James Dyson’s new fan loses the blades and shoots the breeze.
Author Jacqueline Detwiler Photography Courtesy of Dyson
THE FIRST TIME YOU SEE DYSON’S NEW AIR MULTIPLIER, you will want to stick your hand through it. Go right ahead. Just as traditional fans have inspired generations of kids to impersonate space aliens (“Taake mee tooo youur leeeeaderrrr…”), this one— which dispenses with the conventional machine’s most menacing design flaw, the whirring blade— may inspire a new pastime: outright gawking.
The sleek machine’s inventor—vacuum visionary James Dyson—was inspired to revolutionize the home fan because he found the traditional motor’s clunky design and chopping noise aesthetically unpleasant. “It’s completely wrong to have the motor up at the top, with all the dust being passed through it,” he says. “I use fans a lot in France in the summer, and they’re really annoying if you’re trying to sleep with one on you, or you’re trying to work or cook.” So he fashioned a fan with a motor in the base, which shoots air over a miniature version of an airplane wing to amplify it 15 to 18 times. The result is a surprisingly powerful, silent column of breeze that uses the same force that lifts aircraft.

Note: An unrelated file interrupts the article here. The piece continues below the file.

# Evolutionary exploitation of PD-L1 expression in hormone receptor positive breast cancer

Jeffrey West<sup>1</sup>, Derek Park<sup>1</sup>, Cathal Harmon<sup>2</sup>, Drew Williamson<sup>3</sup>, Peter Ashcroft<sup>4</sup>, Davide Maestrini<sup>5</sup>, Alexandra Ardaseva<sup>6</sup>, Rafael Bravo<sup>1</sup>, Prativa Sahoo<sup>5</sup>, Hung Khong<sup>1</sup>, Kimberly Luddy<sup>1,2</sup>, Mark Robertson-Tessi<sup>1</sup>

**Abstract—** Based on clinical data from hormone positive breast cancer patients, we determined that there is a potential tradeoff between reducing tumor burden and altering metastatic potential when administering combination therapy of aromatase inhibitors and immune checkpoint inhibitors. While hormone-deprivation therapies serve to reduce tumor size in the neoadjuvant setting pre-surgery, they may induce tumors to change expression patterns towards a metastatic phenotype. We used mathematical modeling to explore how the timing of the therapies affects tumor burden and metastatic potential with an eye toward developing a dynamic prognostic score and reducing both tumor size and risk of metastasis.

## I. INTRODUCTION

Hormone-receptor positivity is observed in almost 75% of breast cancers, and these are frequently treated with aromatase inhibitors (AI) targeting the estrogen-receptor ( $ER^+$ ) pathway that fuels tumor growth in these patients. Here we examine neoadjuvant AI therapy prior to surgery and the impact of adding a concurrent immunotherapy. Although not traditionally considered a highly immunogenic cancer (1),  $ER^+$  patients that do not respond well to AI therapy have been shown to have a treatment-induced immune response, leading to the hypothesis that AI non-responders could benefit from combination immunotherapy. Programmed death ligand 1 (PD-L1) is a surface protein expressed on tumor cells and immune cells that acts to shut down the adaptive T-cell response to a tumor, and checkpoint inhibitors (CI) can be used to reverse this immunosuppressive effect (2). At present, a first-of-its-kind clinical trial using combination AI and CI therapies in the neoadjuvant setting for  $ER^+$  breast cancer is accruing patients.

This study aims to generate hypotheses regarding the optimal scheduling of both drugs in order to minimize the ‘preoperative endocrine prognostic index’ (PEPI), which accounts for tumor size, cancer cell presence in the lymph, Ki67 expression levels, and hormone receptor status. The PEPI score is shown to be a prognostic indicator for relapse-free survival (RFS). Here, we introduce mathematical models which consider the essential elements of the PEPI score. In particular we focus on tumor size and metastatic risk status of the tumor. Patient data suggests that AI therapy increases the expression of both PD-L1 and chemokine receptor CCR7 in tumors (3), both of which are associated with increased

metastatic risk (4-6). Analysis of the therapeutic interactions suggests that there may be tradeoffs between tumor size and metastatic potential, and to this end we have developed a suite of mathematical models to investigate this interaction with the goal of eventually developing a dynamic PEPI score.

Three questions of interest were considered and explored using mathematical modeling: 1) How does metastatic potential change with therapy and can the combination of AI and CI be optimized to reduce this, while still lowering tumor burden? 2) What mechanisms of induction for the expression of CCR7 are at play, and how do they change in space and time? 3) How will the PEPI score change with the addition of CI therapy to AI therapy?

Dyson, whose company filed the second- highest number of patents in the U.K. last year, says the idea came to him when he was solving yet another problem: inefficient bathroom hand dryers. His team was developing the Airblade, a commercial dryer that uses a 400 mph sheet of air to essentially scrape water from the skin, when they noticed that the fast-moving wind sheet was drawing a substantial amount of the surrounding air into the stream. The rest is fan history. After months of testing, during which engineers set up lengthy domino chains of prototypes and sucked balloons through them to check the fans’ strength, a desktop version of the Air Multiplier was released last October.
Since then, Dyson has released a standing fan and an oblong version with even more power. The only drawback is no more alien voices. But we’ll bet that somewhere in that pile of Dyson patents there’s a solution for that, too.